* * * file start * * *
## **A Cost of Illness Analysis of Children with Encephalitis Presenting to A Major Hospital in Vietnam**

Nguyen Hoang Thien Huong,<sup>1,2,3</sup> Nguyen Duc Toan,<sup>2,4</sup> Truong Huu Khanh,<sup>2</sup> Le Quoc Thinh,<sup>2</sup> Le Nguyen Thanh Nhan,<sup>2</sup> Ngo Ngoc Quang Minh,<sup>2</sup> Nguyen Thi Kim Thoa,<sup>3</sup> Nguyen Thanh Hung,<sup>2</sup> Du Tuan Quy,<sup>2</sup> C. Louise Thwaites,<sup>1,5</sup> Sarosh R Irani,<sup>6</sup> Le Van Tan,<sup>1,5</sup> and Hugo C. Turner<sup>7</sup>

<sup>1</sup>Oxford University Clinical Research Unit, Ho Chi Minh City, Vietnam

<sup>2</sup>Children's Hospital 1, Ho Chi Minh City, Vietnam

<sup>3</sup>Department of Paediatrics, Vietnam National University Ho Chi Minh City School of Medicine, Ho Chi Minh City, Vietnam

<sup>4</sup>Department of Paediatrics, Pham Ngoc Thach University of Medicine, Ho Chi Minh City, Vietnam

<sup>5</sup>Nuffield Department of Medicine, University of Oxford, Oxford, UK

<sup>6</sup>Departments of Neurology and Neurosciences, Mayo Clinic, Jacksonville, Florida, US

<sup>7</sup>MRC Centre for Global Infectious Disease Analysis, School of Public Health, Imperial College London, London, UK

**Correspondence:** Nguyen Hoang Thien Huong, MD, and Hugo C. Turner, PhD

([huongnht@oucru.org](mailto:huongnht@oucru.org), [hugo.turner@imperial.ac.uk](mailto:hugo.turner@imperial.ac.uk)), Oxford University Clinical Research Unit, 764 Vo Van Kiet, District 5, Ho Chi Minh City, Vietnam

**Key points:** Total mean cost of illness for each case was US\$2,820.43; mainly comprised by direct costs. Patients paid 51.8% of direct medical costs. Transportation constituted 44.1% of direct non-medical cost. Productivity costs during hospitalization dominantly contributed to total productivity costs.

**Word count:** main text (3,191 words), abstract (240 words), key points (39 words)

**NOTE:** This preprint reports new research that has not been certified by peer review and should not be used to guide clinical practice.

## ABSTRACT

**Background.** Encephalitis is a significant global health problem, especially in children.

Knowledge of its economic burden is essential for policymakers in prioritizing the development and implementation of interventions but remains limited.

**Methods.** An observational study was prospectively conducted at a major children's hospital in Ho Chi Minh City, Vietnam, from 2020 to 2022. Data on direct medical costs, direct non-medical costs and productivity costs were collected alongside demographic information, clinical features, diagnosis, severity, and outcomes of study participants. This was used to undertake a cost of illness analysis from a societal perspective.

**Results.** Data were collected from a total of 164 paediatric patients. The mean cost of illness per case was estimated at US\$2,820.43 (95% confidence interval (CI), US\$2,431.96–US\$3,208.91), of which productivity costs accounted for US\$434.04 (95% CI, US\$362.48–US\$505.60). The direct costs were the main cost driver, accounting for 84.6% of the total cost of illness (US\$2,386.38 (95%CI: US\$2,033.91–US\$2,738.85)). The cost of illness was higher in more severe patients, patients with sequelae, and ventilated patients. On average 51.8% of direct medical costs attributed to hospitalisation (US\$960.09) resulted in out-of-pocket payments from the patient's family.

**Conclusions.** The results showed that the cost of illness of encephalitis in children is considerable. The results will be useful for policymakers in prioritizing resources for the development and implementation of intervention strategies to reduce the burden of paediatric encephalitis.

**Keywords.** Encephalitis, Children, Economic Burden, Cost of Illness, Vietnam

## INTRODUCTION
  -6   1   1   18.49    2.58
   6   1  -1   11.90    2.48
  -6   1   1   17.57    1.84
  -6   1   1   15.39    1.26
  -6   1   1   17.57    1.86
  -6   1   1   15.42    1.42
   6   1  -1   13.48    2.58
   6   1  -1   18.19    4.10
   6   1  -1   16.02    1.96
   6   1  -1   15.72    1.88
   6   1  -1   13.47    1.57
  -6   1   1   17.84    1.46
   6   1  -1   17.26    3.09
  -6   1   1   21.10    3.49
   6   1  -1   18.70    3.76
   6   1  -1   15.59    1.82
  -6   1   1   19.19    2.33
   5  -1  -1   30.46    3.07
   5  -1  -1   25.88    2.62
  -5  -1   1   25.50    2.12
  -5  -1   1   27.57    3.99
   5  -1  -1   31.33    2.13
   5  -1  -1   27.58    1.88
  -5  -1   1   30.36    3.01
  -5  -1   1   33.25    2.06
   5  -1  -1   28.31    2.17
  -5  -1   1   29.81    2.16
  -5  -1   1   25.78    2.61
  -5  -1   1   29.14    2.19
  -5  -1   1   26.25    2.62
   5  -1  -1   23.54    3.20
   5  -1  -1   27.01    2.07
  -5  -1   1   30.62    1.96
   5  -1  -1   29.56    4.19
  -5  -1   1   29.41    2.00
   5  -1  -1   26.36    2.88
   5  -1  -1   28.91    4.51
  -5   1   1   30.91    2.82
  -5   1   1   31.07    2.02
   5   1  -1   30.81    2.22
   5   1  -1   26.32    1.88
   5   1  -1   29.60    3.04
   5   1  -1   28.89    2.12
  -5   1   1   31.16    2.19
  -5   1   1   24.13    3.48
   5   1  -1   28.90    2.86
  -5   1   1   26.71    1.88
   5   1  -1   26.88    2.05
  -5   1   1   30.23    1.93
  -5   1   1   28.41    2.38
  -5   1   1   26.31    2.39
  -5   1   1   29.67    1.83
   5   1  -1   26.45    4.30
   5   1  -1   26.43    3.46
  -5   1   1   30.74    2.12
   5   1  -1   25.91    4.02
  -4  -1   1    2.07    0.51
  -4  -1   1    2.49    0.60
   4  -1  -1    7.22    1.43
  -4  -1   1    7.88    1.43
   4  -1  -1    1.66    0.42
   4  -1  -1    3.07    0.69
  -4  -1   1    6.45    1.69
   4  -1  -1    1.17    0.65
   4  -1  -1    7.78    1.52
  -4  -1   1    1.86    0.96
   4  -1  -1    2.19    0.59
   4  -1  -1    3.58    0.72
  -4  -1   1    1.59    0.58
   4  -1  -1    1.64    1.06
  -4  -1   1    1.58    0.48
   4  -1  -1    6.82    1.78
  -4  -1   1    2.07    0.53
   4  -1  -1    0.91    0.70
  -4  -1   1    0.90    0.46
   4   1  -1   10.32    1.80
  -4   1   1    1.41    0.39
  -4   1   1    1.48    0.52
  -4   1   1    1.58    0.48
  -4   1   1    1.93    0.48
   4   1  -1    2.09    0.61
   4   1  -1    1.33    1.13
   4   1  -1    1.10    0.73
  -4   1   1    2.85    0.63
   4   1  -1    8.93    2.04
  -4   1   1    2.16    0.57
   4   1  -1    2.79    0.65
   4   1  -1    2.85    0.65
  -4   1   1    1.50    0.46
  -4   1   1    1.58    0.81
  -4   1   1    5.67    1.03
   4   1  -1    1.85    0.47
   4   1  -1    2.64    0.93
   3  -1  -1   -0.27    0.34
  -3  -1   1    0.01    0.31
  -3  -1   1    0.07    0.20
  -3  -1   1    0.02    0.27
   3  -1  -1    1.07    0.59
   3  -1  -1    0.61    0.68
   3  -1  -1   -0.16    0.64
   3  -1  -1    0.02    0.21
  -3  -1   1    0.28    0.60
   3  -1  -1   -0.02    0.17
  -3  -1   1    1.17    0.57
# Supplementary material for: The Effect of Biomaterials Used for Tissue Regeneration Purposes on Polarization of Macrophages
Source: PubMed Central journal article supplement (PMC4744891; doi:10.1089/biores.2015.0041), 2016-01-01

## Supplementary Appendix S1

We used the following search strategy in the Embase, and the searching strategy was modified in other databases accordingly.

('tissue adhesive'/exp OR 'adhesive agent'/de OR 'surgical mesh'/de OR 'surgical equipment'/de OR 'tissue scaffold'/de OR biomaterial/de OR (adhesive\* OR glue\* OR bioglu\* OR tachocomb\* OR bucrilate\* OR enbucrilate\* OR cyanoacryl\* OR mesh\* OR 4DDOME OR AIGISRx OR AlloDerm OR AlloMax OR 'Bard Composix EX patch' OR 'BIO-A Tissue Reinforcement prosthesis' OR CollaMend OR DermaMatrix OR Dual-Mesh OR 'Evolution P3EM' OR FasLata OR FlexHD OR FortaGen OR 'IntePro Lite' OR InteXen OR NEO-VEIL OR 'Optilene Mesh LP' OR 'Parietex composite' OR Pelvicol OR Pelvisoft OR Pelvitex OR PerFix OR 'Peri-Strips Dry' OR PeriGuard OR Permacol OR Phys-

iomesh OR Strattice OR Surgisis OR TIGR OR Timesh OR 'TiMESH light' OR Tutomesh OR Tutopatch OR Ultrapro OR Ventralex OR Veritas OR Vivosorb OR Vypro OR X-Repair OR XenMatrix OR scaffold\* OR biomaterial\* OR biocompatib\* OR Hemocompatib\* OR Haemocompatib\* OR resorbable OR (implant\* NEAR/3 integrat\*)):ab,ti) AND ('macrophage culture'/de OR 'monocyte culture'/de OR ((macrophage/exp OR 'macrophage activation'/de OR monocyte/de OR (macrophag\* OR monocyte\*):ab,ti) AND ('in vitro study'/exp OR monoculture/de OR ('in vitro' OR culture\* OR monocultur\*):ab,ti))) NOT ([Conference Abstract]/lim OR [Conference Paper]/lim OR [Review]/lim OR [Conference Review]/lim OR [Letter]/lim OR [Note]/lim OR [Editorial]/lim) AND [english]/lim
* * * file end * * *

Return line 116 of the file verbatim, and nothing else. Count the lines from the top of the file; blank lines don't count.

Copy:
   3  -1  -1   -0.27    0.34